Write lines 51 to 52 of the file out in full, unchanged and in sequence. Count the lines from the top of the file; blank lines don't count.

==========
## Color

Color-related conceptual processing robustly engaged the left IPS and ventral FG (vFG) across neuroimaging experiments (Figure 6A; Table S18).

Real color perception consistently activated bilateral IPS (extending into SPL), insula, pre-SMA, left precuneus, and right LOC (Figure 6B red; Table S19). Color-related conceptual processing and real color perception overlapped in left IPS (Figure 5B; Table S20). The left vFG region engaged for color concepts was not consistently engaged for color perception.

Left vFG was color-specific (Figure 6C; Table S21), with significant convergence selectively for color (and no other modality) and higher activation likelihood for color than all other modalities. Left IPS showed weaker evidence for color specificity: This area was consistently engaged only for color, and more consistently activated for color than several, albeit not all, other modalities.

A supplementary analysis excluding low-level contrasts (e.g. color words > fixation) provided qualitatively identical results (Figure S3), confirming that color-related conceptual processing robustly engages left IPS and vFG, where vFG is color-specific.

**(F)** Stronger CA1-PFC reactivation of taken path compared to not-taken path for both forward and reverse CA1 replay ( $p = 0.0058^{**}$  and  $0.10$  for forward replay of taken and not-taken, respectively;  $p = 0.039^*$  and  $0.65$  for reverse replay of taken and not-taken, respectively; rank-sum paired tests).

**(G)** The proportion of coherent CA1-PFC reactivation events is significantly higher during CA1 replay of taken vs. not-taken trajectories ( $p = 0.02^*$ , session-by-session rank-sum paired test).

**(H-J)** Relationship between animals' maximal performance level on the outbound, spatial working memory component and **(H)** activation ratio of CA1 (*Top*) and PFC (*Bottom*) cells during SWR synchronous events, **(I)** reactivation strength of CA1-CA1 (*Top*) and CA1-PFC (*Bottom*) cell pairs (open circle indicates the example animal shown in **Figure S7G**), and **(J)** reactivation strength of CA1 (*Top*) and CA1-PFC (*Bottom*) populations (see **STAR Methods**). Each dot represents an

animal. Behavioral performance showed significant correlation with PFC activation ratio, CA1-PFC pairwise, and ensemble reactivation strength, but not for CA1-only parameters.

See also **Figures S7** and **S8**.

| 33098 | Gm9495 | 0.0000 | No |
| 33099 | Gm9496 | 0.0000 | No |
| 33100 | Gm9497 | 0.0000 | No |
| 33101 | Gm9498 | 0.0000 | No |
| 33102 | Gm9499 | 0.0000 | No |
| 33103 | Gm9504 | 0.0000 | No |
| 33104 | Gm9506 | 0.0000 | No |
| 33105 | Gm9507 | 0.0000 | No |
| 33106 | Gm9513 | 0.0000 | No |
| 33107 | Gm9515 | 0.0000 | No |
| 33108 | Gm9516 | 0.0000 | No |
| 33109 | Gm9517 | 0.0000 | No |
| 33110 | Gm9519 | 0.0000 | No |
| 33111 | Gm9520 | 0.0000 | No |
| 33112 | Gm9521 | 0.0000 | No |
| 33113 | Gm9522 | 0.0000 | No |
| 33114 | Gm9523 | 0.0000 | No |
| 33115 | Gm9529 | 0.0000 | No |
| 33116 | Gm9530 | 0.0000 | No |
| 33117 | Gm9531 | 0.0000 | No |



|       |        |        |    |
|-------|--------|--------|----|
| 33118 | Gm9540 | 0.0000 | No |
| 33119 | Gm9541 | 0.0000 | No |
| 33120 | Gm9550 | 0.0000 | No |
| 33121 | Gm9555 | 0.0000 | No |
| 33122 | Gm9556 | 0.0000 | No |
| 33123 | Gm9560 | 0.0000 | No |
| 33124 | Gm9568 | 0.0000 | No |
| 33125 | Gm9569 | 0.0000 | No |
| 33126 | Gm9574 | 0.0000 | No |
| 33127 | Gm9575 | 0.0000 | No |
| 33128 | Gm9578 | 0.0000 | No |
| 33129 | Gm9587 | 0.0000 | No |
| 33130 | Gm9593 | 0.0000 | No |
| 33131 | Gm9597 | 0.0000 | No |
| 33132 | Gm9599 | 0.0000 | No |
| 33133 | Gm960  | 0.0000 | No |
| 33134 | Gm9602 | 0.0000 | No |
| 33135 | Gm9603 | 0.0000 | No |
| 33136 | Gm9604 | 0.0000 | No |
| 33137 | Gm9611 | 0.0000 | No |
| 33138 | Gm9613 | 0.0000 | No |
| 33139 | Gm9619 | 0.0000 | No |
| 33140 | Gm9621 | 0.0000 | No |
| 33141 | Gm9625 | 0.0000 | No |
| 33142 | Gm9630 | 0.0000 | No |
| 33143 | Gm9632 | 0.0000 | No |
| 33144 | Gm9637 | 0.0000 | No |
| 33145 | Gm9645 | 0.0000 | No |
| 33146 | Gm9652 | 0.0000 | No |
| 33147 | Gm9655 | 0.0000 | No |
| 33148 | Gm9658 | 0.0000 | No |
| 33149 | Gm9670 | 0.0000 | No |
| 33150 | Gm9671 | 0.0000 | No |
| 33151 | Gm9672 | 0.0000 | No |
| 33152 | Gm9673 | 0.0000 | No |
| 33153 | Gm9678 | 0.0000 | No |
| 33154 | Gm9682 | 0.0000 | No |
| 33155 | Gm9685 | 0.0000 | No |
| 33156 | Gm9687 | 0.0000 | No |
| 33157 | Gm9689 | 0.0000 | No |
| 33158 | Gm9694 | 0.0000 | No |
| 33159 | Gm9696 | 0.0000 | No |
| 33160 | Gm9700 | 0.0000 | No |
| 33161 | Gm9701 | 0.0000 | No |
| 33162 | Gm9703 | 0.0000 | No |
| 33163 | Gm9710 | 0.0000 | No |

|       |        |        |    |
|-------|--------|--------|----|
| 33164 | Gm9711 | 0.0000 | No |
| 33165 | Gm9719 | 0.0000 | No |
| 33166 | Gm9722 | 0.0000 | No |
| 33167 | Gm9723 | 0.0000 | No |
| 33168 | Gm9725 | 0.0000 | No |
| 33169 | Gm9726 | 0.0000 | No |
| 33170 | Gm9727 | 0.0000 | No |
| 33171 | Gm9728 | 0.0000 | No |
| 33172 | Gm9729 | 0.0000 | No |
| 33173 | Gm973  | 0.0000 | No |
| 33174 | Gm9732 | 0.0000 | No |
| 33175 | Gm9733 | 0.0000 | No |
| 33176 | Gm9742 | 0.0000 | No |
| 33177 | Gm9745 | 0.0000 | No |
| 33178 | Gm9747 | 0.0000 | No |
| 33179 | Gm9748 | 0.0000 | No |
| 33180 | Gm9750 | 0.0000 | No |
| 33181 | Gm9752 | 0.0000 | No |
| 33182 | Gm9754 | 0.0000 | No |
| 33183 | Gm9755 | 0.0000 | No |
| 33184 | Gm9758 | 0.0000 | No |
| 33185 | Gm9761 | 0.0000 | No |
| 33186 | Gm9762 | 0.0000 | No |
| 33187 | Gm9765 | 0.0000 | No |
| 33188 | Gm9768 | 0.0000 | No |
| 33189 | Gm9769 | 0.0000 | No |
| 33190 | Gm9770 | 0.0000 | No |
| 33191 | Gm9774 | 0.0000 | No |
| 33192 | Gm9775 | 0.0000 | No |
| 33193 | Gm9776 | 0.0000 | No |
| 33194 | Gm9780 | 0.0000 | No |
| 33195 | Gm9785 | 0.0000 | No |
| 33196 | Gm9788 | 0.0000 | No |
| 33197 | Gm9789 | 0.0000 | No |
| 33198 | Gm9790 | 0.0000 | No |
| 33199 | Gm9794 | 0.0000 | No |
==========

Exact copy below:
| 33136 | Gm9604 | 0.0000 | No |
| 33137 | Gm9611 | 0.0000 | No |